Welcome at the 26th International Congress
of History of Science and Technology website!
The main topic of the 26th International Congress
of History of Science and Technology will be:
“Giants and Dwarfs in Science, Technology and Medicine”
We Go Virtual
We hope that you, your family, colleagues and friends are safe during these challenging times.
In view of the COVID-19 pandemic, the Local Organizing Committee of 26th ICHST, together with the DHST Council have taken a difficult decision to switch to a totally virtual congress.
The virtual congress will be held on the originally scheduled date: 25–31 July. As soon as the virtual ICHST 2021 concept is finalised, we will publish details on the website.
With our best regards and hoping to meet all of you during our virtual ICHST 2021!
ICHST 2021 Local Organising Committee
The development of human understanding has not been balanced. Since time immemorial, it has depended on many objective and subjective factors. This unevenness is not merely chronological. Development also differed from region to region in a single era of history. Moreover, in a single region and a single era there may be great differences in the support of disciplines, teams, prominent figures. The title of the congress therefore features the terms “dwarfs” and “giants”, which symbolise this difference.
We can find a number of areas in which we, as science historians, use both terms figuratively. In what particular sense? We generally use these terms to refer to entities that stand out for their unusual size, i.e. entities that are visibly bigger than one might expect, or, on the other hand, considerably smaller.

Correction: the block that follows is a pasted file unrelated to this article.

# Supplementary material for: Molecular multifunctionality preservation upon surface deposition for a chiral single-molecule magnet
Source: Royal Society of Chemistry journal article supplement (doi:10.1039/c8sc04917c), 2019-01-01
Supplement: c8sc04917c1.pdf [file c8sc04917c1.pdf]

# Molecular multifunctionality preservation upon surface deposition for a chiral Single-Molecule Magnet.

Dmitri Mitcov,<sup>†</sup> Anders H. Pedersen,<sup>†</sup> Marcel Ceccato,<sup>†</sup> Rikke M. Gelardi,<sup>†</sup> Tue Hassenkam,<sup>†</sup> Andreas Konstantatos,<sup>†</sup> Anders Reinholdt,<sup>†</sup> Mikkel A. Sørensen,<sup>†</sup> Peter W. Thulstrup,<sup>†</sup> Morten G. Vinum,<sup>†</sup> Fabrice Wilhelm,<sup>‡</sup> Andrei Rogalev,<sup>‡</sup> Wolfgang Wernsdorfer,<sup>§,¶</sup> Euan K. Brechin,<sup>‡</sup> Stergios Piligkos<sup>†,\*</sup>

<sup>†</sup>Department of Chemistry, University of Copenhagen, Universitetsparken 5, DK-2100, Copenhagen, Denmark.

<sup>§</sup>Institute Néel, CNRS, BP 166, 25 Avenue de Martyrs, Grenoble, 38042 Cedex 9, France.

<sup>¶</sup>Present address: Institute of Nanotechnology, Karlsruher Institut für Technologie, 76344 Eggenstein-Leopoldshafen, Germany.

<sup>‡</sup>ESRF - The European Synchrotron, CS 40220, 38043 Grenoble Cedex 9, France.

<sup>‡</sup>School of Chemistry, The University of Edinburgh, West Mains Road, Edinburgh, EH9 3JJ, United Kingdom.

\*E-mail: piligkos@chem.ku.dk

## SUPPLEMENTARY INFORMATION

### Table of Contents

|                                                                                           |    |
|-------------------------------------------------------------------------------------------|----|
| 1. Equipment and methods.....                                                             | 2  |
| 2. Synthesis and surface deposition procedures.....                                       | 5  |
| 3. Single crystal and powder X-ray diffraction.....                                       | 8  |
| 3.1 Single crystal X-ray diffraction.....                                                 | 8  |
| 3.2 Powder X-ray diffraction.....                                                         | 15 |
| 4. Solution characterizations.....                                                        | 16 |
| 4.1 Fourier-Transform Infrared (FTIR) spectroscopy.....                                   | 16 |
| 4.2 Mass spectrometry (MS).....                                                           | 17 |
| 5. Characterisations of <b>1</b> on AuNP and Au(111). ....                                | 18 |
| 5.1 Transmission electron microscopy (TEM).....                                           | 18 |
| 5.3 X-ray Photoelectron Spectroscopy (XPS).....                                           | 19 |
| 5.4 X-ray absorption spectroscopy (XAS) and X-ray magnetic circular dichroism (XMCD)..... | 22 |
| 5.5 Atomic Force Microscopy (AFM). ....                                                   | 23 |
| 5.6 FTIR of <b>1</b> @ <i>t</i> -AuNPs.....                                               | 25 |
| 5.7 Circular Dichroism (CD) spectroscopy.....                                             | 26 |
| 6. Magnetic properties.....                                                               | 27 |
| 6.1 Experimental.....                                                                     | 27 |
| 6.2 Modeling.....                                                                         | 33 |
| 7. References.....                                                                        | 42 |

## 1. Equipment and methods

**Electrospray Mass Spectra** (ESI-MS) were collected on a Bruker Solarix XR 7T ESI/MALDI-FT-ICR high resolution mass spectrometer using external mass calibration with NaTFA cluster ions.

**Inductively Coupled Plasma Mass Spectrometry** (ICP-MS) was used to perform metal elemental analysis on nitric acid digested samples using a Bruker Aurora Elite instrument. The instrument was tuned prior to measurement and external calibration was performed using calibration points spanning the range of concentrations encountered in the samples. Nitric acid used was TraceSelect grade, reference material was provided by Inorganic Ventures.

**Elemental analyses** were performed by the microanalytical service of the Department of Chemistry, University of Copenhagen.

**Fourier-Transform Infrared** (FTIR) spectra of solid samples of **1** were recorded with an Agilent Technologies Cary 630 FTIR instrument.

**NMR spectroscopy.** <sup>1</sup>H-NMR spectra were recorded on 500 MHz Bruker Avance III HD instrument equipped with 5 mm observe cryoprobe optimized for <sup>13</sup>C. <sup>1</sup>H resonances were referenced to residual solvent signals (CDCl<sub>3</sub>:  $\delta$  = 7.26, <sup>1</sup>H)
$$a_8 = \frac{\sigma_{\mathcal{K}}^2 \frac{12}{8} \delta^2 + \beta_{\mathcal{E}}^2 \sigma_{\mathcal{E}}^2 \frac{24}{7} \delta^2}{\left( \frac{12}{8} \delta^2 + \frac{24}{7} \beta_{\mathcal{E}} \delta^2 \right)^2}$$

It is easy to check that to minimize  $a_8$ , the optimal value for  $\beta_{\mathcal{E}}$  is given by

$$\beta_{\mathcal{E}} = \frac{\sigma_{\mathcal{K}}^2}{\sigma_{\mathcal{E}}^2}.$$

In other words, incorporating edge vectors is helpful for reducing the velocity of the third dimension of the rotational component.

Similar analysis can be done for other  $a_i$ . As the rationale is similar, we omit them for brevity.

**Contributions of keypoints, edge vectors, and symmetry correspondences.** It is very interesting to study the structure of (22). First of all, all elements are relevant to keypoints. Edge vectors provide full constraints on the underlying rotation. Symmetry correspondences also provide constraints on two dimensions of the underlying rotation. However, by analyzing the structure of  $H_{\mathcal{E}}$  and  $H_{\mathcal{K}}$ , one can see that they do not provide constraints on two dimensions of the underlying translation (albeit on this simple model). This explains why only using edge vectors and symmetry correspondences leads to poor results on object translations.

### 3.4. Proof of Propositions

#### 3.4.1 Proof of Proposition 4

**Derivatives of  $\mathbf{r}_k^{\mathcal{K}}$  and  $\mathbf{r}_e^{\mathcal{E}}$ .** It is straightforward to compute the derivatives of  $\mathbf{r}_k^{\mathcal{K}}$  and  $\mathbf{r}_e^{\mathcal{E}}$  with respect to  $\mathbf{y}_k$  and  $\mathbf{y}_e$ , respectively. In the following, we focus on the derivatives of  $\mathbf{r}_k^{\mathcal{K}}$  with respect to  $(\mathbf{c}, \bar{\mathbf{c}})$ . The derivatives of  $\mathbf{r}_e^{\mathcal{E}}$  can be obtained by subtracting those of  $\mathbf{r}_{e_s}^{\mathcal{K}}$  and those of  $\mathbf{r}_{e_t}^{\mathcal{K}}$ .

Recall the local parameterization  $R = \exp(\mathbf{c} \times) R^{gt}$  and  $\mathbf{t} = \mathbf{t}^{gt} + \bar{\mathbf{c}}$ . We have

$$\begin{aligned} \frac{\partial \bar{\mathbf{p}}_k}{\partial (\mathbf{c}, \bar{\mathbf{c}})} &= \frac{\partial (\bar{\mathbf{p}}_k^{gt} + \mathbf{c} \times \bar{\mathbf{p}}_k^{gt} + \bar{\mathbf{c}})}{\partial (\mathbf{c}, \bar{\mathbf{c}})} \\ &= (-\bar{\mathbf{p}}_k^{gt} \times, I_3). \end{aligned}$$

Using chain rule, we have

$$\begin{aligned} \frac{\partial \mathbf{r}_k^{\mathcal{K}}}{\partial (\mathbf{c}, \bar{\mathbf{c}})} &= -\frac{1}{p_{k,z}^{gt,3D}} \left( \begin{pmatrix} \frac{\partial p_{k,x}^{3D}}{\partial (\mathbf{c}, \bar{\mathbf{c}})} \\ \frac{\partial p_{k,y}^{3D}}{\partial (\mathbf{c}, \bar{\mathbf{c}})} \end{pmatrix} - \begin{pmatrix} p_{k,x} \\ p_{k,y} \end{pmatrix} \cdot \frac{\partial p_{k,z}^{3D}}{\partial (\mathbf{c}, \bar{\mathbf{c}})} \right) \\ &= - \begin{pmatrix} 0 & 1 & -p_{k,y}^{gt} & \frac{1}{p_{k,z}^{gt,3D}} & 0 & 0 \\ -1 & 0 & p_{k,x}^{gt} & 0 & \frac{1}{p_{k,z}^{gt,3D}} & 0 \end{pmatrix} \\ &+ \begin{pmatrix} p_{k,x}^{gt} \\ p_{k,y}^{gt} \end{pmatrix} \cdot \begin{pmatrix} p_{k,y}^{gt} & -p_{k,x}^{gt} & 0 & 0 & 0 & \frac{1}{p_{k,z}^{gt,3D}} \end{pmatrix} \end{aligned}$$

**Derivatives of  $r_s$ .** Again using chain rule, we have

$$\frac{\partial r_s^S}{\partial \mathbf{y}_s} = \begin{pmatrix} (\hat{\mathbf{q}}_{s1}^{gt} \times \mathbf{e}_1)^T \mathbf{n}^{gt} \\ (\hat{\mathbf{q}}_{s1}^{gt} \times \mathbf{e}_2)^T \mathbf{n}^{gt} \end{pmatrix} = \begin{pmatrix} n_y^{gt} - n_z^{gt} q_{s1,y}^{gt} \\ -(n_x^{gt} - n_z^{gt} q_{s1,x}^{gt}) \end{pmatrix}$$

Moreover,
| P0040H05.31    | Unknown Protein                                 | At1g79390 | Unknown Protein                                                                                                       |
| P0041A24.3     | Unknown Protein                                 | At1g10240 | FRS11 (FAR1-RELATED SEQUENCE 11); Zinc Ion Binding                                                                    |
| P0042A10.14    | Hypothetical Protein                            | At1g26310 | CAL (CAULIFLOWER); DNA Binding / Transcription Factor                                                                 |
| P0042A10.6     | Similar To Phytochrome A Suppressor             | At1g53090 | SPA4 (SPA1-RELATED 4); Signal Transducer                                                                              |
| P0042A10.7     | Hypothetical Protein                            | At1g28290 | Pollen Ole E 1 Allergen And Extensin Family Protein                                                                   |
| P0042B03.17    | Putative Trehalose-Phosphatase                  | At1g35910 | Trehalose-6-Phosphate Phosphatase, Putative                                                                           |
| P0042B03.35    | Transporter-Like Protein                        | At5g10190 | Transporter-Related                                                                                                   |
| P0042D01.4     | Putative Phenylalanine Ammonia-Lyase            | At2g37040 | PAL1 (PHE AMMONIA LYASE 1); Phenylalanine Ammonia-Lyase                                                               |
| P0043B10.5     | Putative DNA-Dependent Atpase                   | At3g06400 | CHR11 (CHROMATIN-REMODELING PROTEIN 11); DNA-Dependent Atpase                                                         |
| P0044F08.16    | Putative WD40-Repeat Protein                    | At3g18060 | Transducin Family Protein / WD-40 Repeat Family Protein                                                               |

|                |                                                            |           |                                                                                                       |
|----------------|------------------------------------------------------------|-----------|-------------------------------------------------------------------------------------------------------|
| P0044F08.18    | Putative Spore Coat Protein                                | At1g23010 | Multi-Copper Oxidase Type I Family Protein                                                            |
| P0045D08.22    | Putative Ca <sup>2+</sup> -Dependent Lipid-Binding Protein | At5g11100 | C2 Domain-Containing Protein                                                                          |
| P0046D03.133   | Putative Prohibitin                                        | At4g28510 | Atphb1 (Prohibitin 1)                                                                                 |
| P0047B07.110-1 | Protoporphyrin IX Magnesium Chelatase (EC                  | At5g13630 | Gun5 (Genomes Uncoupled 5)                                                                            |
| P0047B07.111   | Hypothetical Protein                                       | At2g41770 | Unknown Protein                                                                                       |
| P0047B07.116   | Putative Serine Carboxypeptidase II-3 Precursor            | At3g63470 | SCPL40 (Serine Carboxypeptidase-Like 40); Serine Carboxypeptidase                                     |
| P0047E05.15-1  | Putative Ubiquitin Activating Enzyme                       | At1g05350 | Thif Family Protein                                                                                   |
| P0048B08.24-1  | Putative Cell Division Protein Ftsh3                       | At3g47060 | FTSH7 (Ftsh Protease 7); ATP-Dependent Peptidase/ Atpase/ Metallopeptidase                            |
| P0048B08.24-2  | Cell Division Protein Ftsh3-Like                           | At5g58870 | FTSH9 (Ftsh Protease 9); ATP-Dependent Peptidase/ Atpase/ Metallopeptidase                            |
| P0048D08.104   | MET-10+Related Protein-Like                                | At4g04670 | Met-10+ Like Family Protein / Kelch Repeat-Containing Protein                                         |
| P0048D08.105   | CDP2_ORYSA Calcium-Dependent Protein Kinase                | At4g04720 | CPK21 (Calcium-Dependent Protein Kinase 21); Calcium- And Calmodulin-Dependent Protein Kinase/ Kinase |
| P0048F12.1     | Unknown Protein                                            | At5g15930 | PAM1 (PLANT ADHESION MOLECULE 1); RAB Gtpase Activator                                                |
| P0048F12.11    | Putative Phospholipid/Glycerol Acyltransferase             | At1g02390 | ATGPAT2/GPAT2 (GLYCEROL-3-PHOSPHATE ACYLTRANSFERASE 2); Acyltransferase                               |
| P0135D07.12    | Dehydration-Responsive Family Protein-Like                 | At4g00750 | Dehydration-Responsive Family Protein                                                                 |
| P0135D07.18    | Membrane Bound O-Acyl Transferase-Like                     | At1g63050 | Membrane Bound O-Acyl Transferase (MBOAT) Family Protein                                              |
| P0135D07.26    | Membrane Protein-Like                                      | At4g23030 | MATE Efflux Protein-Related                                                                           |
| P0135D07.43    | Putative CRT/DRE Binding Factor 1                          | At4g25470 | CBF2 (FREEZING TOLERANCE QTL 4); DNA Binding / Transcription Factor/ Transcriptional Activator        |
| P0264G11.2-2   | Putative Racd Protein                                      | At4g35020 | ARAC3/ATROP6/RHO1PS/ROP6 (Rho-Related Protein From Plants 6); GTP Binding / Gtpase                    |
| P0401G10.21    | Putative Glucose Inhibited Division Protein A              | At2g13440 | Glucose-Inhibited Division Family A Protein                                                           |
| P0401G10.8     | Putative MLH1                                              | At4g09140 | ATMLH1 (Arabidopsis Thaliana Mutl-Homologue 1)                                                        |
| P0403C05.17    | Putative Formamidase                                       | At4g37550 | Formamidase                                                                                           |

Giants and dwarfs amongst scientific figures
First of all, we need to ask what are the criteria for the size of a scientific figure? Have they always been the same? To what extent do they relate to the criteria used today to evaluate science at the global or national levels? When classifying a particular scientist as a “giant”, does a historian make the decision based on that person’s scientific contribution, or rather how that individual was perceived and rated by his or her peers? Are the size, importance and respect of such figures also proof of their unity of status (e.g. scientific titles, membership of societies of excellence, receipt of national and international awards or awards within their field, etc.)? read more here
Petr Svobodný, Chair of the LOC
Milada Sekyrková, Scientific Secretary of the LOC